The last phase of the research and design project Klangumwelt Ernst-Reuter-Platz (Sound Environment Ernst-Reuter-Platz) has been integrated into the research environment Architecture of Embodiment. This project was initiated at the Auditory Architecture Research Unit (Berlin University of the Arts), and pursues two goals: first, to develop new practices for the auditory research and design of urban space; and second, to employ them in order to conceive strategies, actions, and measures for transforming Ernst-Reuter-Platz.
The project was structured in four parts. In part one (2010–2011) different auditory research practices were conceived and employed systematically in the field. As a result, the efficiency of certain practices could be tested and a fundamental qualitative description of this Berlin square was outlined. On this basis the interventions necessary to transform this space were conceived in outline. In part two (2011–2012) these ideas were developed and formalized as a proposal for redesigning Ernst-Reuter-Platz. The resulting new design was exhibited in form of an experimental installation in the festival Ars Electronica. In part three (2012–2013) this design, along with the research and design practices conceived and tried out for its realization, was critically revised in seminars, public forums, and a new design group. In the concluding part four (2013–2014)—the one integrated into Architecture of Embodiment—the results of this critical process were consolidated in a new and final proposal for the transformation of Ernst-Reuter-Platz that was publicly presented in the former “big computer room”—also known as the “electronic brain behind glass”—on the ground floor of the IBM Building, designed by Rolf Gutbrod and located directly on Ernst-Reuter-Platz.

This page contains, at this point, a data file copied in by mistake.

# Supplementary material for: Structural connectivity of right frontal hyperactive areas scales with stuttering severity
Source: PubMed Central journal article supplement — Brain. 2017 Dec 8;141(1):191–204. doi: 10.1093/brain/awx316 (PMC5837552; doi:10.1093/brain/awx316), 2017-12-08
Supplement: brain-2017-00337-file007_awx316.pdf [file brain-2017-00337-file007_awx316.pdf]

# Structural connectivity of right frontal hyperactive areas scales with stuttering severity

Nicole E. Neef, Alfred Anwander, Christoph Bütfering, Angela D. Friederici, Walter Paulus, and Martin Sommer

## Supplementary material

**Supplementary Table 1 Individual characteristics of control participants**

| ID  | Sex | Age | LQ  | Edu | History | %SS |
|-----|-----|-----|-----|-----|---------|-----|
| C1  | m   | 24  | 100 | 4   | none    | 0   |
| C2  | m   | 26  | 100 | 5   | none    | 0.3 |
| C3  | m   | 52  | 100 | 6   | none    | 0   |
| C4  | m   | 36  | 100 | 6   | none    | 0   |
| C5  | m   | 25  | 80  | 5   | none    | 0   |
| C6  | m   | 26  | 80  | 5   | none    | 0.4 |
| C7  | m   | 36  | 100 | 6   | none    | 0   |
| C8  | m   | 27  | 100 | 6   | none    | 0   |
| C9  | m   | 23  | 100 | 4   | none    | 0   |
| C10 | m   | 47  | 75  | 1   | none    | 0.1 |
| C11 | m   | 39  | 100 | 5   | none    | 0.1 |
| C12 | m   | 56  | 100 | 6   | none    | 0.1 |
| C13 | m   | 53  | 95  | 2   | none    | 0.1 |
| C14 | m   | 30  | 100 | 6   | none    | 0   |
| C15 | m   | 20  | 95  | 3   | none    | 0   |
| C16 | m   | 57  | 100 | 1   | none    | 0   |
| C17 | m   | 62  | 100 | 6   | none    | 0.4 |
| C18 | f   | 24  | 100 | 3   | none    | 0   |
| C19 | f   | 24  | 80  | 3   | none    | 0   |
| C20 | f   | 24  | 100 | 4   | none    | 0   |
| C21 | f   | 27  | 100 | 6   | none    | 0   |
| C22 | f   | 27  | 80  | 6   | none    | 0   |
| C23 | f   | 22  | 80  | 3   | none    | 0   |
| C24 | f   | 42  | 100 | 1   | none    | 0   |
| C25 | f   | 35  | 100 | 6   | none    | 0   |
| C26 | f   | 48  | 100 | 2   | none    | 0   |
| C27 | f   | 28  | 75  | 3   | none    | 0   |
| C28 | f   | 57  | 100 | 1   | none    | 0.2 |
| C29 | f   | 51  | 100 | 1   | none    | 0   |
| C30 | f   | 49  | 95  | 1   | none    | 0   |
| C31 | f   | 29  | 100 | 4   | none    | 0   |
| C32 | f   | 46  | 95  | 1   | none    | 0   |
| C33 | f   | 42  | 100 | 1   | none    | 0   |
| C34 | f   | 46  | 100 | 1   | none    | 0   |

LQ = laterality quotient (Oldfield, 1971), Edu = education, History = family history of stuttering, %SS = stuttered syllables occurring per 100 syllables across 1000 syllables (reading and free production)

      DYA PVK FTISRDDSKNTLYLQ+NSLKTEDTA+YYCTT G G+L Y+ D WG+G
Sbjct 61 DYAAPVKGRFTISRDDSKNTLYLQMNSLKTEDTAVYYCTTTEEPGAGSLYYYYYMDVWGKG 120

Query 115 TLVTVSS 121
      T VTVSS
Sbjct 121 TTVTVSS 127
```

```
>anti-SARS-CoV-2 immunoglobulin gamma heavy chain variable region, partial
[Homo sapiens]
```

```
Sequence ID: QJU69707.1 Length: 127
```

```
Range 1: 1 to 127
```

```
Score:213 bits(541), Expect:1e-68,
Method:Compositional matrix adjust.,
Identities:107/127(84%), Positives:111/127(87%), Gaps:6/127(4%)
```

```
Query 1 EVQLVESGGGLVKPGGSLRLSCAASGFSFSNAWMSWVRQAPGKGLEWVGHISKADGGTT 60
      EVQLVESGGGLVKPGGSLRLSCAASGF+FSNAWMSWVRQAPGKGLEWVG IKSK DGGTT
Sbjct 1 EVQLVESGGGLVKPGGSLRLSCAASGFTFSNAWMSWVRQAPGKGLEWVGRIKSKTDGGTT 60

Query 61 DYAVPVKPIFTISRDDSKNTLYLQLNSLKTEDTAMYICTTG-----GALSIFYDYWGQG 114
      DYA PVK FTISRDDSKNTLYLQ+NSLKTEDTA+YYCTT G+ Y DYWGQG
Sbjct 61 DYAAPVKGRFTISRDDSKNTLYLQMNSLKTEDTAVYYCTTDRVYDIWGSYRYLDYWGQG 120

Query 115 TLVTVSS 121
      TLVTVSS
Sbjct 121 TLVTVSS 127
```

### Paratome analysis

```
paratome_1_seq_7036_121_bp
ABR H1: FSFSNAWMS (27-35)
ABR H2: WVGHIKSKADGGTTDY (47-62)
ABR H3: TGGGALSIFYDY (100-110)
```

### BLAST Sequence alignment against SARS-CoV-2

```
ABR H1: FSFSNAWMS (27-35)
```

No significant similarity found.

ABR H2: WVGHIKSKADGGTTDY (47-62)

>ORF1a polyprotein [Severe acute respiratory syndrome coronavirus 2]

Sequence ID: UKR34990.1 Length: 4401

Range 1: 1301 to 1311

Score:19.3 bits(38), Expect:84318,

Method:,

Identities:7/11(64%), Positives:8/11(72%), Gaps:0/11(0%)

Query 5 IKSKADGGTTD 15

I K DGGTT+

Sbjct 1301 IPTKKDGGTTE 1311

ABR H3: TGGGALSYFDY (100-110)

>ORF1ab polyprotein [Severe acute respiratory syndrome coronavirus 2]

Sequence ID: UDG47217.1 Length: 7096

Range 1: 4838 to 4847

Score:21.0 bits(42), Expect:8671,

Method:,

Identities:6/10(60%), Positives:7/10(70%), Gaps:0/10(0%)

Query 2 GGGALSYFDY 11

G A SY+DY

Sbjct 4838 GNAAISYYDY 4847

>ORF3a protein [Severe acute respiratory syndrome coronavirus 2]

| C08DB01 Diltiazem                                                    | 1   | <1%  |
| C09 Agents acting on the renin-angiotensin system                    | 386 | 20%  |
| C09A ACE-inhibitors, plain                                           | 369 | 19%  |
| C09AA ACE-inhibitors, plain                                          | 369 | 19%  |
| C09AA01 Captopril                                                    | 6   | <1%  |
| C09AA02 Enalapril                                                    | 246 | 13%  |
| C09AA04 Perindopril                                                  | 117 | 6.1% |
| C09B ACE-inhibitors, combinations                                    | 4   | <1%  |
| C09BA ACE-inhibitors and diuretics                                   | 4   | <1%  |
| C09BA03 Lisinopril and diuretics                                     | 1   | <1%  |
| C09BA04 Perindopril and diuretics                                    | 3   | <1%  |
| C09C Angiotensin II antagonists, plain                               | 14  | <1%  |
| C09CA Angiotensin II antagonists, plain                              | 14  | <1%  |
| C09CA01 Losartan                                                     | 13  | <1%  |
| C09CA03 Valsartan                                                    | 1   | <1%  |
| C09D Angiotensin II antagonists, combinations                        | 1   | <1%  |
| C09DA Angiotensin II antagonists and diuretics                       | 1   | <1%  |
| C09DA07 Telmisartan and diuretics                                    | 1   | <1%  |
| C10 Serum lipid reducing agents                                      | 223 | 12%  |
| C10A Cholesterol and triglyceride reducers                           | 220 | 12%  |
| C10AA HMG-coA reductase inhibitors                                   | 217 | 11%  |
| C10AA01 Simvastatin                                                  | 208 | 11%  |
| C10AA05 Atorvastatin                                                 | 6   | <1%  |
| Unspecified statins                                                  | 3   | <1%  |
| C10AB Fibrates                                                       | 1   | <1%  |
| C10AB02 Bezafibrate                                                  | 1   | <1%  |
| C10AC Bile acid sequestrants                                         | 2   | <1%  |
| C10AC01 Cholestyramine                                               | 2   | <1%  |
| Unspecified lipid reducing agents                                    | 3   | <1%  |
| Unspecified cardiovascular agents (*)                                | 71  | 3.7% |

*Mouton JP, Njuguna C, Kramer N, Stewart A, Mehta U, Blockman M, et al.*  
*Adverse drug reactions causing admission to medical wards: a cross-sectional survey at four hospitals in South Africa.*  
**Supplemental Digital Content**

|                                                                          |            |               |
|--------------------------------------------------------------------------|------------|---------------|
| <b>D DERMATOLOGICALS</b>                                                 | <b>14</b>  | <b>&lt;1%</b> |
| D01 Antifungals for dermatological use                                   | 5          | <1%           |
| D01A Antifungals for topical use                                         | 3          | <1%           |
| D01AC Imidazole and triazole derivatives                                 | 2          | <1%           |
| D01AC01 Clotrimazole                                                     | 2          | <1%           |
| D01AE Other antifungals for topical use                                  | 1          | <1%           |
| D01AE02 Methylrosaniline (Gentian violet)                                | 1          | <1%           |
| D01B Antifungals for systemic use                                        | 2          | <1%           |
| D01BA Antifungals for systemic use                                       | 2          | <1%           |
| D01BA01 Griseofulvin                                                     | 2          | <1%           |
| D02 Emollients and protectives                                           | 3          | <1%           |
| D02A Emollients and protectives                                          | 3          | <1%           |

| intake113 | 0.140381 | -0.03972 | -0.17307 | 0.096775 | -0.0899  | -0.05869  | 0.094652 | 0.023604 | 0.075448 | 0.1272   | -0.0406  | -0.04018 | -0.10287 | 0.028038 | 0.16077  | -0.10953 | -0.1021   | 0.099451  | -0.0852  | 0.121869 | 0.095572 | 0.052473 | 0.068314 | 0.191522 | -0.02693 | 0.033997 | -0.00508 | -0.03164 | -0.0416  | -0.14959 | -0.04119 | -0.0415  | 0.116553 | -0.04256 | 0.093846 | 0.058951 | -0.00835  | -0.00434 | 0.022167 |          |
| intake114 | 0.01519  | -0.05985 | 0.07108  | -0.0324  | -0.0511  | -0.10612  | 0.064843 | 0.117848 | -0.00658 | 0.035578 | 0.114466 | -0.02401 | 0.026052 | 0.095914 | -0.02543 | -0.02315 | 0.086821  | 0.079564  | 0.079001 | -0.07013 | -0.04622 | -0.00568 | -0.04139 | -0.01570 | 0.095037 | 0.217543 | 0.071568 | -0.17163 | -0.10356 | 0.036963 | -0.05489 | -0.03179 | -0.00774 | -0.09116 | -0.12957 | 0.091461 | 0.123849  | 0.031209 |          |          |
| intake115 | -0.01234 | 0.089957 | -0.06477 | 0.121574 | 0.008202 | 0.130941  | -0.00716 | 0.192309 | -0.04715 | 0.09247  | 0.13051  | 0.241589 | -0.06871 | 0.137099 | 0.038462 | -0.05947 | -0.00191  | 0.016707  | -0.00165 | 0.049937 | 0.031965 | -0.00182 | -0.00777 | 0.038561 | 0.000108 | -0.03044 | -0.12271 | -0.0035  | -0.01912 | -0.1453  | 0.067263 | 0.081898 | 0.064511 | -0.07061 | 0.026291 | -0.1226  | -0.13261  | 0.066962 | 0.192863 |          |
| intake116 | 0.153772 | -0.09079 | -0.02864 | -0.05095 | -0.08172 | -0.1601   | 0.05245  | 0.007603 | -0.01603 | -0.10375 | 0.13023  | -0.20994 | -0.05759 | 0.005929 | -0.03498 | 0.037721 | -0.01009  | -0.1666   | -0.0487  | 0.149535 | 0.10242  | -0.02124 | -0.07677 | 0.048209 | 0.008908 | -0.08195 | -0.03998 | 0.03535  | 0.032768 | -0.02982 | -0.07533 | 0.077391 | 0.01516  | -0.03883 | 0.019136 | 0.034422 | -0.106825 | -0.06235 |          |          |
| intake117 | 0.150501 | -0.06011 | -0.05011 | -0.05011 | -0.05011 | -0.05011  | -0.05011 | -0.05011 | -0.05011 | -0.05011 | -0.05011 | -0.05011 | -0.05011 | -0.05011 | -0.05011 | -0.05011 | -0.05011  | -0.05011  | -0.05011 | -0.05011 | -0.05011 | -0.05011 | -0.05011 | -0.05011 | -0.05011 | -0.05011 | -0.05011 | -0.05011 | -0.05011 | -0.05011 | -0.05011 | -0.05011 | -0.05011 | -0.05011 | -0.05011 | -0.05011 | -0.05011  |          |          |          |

One of the most relevant research result of this project, regarded from the perspective of Architecture of Embodiment, is the definition of an exhaustive practice of the auditory research of architectural environments—auditory diagramming—and the identification of strategies for its implementation in processes of architectural design. This field-research practice allows an extremely detailed description of the design object and enables the development of the guidelines for its transformation (see Thinking the Environment Aurally).

The results of this project, as well as the most relevant stages in its development, have been collected in a publication edited by Alex Arteaga, Boris Hassenstein and Gunnar Green.

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